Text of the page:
The 3rd tunnel is one of the four infiltration tunnels dug by the North to facilitate an invasion of the South. Discovered on October 17, 1978, it is a 1,635m long, 2m high and 2m wide, and could have accommodated 30,000 soldiers per hour in what was apparently designed for a surprise attack on Seoul. The tunnel runs through bedrock at a depth of about 73m below ground; 435m of which are found in the South over the Military Demarcation Line (MDL). It is designed at a three thousandth angle with northern side lower than southern side, so that water does not stagnate inside tunnel. After ducking and crouching your way 265m through the tunnel, you will reach one of the cement walls with iron door near the MDL that will prevent you from going any further north and where you peep through a small window at a barricade, just to see another barricade in the distance. You can clearly see the drill marks for dynamite all pointing toward the South. This finding, along with other clues, clearly affirmed their construction.

After exploring the tunnel, climb back out of the tunnel and make your way to the DMZ Exhibition Hall for a unique insight into the Korean War and model of soldiers digging the tunnel, equipment used by the North, model of Panmunjeom (Joint Security Area), a timeline of major North Korean provocations over the South since 1950, and photographs of the historical events about Korea's division. And time for a short video including old film that takes you back in time to the signing of the armistice and the creation of the DMZ.

Next stop is Dora Observatory. As you approach, you will see an eye catching slogan printed up on the wall "End of separation, beginning of unification". The observatory looks across the land north of Demilitarized Zone, the road and train track stretched side by side ahead into the North Korea, bare mountains, treeless hills, watchtower, North Korean propaganda village and Kaeseong Industrial Complex. Financed and managed for the most part by South Korea, the project was launched in 2004 as a gauge of the volatile security situation on the peninsula, and South Korean companies could manufacture their products using North Korean labour. It once employed 803 South Korean and 54,764 North Korean workers, but this jointly run Industrial complex is totally shutdown as of February 10, 2016 in response to North Korea's nuclear test.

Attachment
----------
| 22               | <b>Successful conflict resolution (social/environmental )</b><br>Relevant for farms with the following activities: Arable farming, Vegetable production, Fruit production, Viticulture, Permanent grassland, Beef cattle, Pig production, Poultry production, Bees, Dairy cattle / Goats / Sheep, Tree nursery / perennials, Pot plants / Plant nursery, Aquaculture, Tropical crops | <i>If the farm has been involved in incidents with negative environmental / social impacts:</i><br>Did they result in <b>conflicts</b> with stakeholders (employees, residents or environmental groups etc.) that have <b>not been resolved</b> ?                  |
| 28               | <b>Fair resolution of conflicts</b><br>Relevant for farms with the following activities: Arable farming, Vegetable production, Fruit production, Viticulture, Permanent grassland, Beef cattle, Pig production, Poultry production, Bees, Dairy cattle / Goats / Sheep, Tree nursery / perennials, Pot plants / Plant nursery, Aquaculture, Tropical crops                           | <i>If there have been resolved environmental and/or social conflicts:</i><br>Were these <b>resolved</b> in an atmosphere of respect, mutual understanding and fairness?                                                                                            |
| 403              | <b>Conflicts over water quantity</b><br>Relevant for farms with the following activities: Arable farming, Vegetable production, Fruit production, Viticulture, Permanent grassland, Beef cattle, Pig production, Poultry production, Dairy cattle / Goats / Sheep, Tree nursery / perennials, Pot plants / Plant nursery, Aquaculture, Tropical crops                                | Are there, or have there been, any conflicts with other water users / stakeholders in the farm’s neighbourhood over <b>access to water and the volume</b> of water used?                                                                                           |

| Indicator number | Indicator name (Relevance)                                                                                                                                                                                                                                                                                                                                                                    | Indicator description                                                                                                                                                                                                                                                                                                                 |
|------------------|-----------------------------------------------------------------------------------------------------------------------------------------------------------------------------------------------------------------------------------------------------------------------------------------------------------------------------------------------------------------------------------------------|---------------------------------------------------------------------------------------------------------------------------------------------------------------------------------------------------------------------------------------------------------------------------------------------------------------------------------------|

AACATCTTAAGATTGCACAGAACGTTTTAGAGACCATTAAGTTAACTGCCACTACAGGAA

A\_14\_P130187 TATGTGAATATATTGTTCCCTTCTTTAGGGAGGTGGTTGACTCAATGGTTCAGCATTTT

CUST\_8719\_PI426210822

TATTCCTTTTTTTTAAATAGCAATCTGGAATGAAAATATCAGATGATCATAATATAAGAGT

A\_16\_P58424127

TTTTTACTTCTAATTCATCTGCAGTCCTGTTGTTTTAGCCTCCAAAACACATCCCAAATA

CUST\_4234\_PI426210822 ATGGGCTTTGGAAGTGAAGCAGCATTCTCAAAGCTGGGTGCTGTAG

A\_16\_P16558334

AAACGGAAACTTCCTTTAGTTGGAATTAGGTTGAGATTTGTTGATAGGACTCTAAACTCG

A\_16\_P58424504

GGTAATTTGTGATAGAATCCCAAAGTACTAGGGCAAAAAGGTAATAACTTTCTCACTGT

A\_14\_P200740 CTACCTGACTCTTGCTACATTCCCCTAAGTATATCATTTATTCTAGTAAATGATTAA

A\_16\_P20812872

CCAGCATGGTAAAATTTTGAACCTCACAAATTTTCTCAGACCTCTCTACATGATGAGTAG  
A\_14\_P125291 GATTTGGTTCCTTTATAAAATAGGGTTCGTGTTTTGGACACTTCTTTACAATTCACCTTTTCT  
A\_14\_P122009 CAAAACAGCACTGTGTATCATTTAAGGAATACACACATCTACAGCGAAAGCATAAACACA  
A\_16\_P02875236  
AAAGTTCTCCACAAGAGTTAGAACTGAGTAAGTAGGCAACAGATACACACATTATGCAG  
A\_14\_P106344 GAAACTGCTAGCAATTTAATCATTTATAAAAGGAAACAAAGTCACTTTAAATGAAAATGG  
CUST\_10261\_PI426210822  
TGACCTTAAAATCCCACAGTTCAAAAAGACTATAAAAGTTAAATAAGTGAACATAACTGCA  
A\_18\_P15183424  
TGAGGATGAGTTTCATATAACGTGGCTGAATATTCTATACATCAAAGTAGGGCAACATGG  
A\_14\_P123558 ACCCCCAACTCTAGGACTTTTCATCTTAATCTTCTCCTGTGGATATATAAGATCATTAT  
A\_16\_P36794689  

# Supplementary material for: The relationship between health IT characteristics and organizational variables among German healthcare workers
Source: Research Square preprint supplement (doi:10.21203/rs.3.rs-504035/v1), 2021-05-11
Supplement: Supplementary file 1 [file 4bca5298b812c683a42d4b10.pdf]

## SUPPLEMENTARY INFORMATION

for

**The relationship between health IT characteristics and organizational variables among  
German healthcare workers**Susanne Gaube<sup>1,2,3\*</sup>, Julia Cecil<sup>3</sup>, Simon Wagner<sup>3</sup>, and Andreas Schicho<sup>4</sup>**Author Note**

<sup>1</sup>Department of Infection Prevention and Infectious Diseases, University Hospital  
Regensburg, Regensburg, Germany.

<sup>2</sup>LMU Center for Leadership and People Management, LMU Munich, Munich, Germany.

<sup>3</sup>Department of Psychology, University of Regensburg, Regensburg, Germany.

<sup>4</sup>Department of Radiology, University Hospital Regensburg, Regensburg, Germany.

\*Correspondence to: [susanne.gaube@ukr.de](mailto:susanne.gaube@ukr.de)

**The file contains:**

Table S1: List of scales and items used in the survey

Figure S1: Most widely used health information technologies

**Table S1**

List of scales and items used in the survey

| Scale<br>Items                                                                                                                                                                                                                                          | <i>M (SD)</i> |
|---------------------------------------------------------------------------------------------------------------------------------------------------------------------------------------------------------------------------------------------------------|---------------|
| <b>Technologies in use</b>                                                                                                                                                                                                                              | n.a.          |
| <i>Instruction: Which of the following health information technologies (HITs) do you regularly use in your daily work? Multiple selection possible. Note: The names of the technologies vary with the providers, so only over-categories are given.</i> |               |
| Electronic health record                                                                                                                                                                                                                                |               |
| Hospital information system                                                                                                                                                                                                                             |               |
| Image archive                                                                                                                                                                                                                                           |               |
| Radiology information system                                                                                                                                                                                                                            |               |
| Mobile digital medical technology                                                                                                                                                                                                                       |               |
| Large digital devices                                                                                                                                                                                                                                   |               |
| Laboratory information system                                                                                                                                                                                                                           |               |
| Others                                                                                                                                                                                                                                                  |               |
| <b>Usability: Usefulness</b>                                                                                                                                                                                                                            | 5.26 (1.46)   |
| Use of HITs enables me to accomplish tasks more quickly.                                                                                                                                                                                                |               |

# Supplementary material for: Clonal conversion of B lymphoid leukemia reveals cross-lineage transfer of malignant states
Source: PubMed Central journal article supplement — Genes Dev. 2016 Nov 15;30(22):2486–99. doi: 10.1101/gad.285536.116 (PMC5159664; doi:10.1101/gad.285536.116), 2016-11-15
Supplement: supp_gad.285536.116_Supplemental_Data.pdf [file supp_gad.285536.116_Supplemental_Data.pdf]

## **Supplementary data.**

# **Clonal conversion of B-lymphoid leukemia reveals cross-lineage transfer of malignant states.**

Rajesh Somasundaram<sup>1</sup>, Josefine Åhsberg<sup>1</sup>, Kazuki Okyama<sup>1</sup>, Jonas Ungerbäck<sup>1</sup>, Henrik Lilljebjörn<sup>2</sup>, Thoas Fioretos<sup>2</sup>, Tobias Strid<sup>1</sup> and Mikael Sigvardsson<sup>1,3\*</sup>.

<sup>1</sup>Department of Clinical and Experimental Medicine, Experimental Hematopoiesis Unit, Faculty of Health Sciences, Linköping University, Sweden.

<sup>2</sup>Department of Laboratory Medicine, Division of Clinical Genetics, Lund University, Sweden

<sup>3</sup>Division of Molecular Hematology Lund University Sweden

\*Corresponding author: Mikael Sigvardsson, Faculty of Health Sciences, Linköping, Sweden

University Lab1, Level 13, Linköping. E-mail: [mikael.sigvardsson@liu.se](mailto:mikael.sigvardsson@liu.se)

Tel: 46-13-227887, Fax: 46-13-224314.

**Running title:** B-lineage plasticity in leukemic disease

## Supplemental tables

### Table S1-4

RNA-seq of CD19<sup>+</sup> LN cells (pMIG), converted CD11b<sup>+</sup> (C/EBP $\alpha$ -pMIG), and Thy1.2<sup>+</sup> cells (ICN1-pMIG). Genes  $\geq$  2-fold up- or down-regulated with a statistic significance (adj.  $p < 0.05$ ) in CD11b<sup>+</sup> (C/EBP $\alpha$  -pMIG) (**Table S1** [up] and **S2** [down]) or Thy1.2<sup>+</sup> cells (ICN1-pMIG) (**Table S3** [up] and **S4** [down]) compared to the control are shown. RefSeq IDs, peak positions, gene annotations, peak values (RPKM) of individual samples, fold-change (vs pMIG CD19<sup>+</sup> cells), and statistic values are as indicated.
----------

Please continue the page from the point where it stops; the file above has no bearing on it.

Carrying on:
There are two heavily guarded villages in the DMZ, Daeseongdong farming community in the south and Gijeongdong propaganda village in the north, which face each other across the minefields. Each village hangs their government's flag upon some of the tallest flagpoles in the world - what some have come to call the "flagpole war." In 1981, the South Korean government built a 99.8m-tall flagpole with a 130kg (18m x 12m) South Korean Flag. The North responded by building a 160m-tall flagpole with a 270kg (30m x 14m) flag. It was superseded as the world's tallest, following the construction of the flagpole in Baku's National Flag Square at 162m. Both flagpoles were topped in 2011 by the Dusanbe Flagpole in Tajikistan at 165m.

You will also tour the Dorasan Station, the last railway station in South Korea before the North Korean border. This station drew world attention when President Bush visited here in February 2002. On December 11, 2007, freight trains began traveling north past this station into North Korea, however, on December 1, 2008, the North Korean government closed the border crossing. The station is heavily guarded and signs are up showing the future destination of Pyeongyang in North Korea. The milepost "Seoul 56km/Pyeongyang 205km" still stands from the time when trains could still cross past this station and into North Korea.

Bring your valid passport
Pick up service not available
Tour starts and ends at Lotte hotel Seoul

Tour fare
55,000 Won (Approx. USD 55) per person

Full payment required at the time of booking

Cancellation Policy
Cancellation notice received one day prior to departure : 50%
No Show : 100%

Child discount not available